'Not playing by the same rules': Edmonton hoteliers want more regulation on short-term rentals

Some of Edmonton's hoteliers say the city hasn't gone far enough in regulating the city's short-term rental industry — and some homeowners living near rental units agree. 

Edmonton Destination Marketing Hotels — a non-profit marketing association representing 57 hotels in Edmonton — launched a new online campaign Thursday singling out short-term rentals and encouraging Edmontonians to write letters of complaint to city councillors. 

Rentals available on sites like Airbnb, VRBO and HomeAway can cause serious problems in residential neighbourhoods, said executive director Karen Chalmers. She wants the city to start treating them like businesses. 

"We've found ourselves in a precarious situation with this new entry into the accommodations industry that is not playing by the same rules," Chalmers said in an interview Thursday with CBC Radio's Edmonton AM. "There is not the same standard in taxation and regulation.

"We pay commercial taxes, we have security and safety regulations that are mandated and none of those are regulated by short term rentals." 

'Virtually no rights'

The hotel association is lobbying for new city zoning regulations to limit the ability of short-term rentals to operate in certain residential neighbourhoods.

Under the regulations proposed by the association, owners would need a criminal record check, fire safety inspections and proof of insurance. Licences would be revoked if operators failed to verify guests in person. 

The association wants the city to create a special category of business licence for short-term rentals that are not owner-occupied. It would also like Edmonton to adopt primary residence rules, meaning rentals can only be operated from a principal residence.

Such rules have already been adopted in Toronto, Vancouver and Ottawa.

Short term rentals, established without community consultation and often managed by absentee landlords, can bring noise and crime to residential neighbourhoods, Chalmers said. Their proliferation in neighbourhoods across the city has been unchecked, she said. 

"I want those safeguards," she said. "Because right now, if an Airbnb opens up beside me, I have virtually no rights." 

Drunken guests

Jeff McCammon attended a news conference hosted by the association at city hall on Thursday morning. McCammon says an Airbnb rental in his Edmonton neighbourhood of Brander Gardens has been more than a nuisance.  

"Over the last few years, a neighbour across the street moved out of their home to create a commercial short-term rental business in my residential neighbourhood," McCammon said.

Airbnb

"Since its arrival, there has been a lack of security for my neighbours, my children have witnessed vulgar acts by some transient drunken guests and there has been an overall loss of community along with diminished quality of life overall for my family.

"How this Airbnb is able to operate in a residential neighbourhood and qualify for a home-based business licence is beyond me." 

New regulations for operators in Edmonton came into effect on Aug. 27, 2019. Operators must complete a home-based business licence application, get an inspection from Alberta Health Services and supply guests with information about the city's bylaws.

The city started investigating regulation options after multiple complaints were filed regarding disruptive and untidy short-term rental properties, complaints that coincided with a significant increase in the number of listings.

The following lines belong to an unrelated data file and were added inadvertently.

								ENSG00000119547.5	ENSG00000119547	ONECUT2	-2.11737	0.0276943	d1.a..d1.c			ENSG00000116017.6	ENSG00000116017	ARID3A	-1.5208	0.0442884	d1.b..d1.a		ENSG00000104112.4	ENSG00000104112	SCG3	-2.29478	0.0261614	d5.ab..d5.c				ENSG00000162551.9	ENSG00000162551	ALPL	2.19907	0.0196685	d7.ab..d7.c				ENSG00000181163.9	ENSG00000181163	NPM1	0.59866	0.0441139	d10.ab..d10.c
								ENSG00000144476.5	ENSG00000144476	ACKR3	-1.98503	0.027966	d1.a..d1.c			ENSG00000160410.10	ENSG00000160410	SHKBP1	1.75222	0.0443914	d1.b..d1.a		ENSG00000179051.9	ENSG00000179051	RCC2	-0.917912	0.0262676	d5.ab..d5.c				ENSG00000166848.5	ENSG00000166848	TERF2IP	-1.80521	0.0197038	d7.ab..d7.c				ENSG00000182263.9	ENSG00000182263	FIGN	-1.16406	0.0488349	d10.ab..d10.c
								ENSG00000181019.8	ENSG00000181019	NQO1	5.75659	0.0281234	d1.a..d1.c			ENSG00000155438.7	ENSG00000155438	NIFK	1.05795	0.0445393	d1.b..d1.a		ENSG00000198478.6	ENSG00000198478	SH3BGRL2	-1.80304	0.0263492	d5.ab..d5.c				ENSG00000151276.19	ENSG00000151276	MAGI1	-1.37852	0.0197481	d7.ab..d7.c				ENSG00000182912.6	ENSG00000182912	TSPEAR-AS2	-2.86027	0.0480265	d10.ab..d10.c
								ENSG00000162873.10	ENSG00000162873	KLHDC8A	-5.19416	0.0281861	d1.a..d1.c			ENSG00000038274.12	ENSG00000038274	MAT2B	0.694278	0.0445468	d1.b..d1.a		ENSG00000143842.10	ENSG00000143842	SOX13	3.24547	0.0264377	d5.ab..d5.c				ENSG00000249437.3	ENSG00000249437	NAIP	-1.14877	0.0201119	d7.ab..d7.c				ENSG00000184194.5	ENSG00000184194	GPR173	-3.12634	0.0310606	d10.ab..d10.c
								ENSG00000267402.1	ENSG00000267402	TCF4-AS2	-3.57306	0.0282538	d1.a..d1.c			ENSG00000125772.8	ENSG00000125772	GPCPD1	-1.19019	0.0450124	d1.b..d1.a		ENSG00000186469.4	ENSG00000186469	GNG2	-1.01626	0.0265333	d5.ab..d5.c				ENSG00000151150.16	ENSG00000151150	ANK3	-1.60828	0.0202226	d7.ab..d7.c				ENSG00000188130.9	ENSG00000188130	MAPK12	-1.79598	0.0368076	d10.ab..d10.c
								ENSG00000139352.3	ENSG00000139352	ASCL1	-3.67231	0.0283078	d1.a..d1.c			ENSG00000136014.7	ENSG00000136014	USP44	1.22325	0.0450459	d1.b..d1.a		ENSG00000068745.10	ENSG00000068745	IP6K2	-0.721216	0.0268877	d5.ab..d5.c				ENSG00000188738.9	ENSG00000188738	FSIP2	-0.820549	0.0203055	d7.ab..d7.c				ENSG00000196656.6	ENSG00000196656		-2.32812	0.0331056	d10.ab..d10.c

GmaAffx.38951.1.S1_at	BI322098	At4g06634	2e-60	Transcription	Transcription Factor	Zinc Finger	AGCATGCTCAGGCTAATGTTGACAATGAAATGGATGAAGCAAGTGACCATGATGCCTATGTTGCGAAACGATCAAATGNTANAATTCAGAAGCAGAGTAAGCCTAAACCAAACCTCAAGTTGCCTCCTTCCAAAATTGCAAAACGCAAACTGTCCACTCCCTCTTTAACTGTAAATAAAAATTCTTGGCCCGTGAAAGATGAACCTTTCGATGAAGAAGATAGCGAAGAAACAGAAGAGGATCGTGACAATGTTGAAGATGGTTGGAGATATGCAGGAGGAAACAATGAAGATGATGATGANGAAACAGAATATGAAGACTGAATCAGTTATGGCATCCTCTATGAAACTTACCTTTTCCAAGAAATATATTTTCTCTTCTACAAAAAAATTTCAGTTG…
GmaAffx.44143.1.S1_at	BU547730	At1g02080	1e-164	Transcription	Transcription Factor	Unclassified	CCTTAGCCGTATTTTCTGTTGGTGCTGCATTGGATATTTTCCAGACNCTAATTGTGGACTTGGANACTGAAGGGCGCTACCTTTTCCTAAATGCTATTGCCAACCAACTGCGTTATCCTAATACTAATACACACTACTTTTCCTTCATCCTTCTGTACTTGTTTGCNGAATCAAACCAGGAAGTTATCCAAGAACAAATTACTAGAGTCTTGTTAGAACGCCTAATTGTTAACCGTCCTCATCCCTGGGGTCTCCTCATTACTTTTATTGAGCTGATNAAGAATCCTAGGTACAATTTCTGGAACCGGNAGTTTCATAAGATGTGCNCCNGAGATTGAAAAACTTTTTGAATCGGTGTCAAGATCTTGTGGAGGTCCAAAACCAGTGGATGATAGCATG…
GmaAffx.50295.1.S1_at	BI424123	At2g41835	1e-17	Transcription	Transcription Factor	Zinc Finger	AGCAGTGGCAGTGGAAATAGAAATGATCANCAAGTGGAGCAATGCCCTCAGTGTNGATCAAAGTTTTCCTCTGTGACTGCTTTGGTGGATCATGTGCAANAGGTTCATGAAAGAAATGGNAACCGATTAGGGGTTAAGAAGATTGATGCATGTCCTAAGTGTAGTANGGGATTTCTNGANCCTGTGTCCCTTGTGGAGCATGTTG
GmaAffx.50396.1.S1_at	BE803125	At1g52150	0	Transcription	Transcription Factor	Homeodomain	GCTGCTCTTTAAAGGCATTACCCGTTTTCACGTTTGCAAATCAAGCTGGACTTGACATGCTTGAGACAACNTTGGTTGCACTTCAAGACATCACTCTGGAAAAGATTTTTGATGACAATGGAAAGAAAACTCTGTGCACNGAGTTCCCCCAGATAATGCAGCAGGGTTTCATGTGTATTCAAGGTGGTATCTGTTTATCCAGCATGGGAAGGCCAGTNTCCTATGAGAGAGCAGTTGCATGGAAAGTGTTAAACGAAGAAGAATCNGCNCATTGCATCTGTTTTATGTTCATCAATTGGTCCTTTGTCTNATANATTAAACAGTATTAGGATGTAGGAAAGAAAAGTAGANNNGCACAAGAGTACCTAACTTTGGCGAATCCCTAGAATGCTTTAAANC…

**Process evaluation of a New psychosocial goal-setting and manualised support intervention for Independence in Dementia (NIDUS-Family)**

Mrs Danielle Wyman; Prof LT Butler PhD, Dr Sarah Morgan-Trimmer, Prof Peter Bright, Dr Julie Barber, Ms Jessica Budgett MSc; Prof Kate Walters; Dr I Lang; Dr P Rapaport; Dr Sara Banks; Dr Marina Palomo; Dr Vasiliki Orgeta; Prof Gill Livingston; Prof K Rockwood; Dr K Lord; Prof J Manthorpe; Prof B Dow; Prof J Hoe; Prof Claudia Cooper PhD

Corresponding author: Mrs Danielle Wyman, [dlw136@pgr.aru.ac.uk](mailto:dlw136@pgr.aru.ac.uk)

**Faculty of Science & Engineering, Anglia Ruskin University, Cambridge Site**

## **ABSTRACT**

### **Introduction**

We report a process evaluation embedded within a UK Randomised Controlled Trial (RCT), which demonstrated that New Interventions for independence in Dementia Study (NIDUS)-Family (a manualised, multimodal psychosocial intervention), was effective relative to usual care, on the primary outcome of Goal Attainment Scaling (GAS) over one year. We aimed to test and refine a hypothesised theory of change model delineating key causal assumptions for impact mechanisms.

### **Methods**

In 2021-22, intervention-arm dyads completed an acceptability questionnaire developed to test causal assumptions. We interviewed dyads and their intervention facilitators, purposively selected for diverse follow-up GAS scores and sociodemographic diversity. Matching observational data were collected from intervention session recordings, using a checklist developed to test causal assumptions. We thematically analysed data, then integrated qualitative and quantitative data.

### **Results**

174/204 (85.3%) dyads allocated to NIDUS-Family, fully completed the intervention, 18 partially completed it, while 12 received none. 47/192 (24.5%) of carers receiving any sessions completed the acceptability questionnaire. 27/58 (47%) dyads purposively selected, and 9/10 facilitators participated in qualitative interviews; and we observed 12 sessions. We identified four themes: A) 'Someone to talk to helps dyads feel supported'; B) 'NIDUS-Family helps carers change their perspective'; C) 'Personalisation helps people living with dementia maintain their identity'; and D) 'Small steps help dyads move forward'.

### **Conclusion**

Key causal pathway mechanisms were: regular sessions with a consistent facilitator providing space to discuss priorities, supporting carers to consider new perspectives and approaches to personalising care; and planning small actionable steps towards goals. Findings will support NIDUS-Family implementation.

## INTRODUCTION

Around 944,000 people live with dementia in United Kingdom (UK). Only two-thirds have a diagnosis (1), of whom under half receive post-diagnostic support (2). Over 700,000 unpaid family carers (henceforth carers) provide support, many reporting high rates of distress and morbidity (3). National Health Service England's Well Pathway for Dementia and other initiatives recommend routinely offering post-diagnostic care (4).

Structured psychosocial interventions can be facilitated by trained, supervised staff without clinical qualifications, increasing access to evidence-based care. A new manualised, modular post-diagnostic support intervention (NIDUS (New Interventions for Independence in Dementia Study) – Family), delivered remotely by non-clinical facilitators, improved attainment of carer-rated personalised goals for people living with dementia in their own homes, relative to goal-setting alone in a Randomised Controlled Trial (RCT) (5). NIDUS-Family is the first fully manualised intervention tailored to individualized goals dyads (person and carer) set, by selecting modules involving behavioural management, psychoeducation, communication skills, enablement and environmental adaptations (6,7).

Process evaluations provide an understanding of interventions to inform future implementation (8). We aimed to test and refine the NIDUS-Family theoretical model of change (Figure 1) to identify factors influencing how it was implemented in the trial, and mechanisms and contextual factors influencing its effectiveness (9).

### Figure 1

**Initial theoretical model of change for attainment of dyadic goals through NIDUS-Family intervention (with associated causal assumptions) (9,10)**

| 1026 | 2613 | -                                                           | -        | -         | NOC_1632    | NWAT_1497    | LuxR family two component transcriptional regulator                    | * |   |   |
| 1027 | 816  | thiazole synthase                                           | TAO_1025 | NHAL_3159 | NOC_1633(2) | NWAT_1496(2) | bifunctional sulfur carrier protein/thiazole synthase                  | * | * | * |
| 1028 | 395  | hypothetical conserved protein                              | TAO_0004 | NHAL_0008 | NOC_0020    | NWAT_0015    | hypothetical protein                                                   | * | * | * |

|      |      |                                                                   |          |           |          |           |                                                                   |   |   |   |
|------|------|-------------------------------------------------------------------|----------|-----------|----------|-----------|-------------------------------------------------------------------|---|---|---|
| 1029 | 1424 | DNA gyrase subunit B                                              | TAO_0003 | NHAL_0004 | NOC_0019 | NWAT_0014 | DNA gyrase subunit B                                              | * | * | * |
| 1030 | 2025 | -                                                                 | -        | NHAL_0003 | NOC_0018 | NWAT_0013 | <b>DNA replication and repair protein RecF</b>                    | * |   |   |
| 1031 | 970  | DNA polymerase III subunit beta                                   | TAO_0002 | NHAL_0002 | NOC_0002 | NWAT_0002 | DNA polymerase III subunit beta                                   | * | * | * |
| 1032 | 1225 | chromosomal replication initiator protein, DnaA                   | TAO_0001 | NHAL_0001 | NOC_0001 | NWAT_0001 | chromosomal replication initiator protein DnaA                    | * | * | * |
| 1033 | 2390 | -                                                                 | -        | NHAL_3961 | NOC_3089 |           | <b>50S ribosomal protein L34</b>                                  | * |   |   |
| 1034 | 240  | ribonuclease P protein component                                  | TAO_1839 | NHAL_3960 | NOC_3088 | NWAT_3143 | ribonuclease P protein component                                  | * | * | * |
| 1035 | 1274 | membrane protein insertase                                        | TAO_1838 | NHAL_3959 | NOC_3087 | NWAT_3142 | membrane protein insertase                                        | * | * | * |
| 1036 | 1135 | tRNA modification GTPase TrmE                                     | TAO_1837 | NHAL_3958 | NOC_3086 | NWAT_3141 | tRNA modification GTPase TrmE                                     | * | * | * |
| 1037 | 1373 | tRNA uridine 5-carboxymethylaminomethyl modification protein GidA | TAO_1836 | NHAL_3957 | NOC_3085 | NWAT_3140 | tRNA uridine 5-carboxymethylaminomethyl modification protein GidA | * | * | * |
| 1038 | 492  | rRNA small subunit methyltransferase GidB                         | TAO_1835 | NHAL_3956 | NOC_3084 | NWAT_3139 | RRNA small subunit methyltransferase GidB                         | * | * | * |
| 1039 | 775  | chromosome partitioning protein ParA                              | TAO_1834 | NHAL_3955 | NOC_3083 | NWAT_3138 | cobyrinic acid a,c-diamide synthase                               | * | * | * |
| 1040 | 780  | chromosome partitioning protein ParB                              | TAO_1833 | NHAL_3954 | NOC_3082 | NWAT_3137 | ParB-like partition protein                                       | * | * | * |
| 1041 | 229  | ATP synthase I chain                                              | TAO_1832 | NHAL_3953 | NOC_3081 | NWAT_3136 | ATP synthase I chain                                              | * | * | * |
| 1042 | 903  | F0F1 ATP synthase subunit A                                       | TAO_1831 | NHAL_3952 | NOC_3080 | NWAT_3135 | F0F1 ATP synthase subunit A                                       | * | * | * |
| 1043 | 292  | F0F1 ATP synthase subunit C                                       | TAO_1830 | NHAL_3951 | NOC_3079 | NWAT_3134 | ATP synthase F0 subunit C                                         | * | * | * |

As of May, Edmonton had more than 2,400 listings. The city only had 44 listings in 2014. 

'This is just enough' 

Angela Sun also wants Airbnb banned from residential areas. She said two Airbnb rentals across the street from her home in the Garneau neighbourhood have brought noise and crime to her previously quiet street. 

"The owners are not even living in Alberta," Sun said during Thursday's news conference.  "We see drunks passed out on our lawn, pounding on our door.

"There was an attempted break-in and open marijuana smoking and late-night party noise, yelling and shouting after 2 a.m." 

Sun said she no longer feels safe in her own home. She said any kind of bylaw on short-term rentals will be impossible to enforce.

"We've seen it all," she said. "This is just enough. I have a four-year-old daughter. Do I feel safe living in that neighbourhood? Absolutely not. 

"I do not want my family mixed with transients. They are transients. They come tonight and go the next day. They do not care."  

In an emailed statement to CBC News, an Airbnb spokesperson said the new city regulations should be tested before new bylaws are considered. 

"It is troubling that the corporate hotel lobby is spending thousands of dollars advocating against allowing local Edmontonians benefit from the tourism industry and show visitors a more personal side of their city," an Airbnb spokesperson said in a statement. 

More reports coming

"The responsible approach is to allow these regulations to be implemented and assessed before demanding the city spend public money to burden Edmontonians with more red tape."

The city, however, is exploring options for increased regulation, said Coun. Aaron Paquette. 

"We will be getting more reports back as time goes on and this won't be a one-off," he said. "This is something that's going to be developed in the coming months. 

A further report slated to go before city council's urban planning committee next week, has been delayed until February 2020.

Paquette said he has fielded complaints about absentee landlords and a lack of taxation. 

"It's definitely a debate that we're having," Paquette said. "The situation of people that are renting out homes that they don't reside in is a real issue. 

"We have these large corporations who are making money off our city, but they don't pay taxes."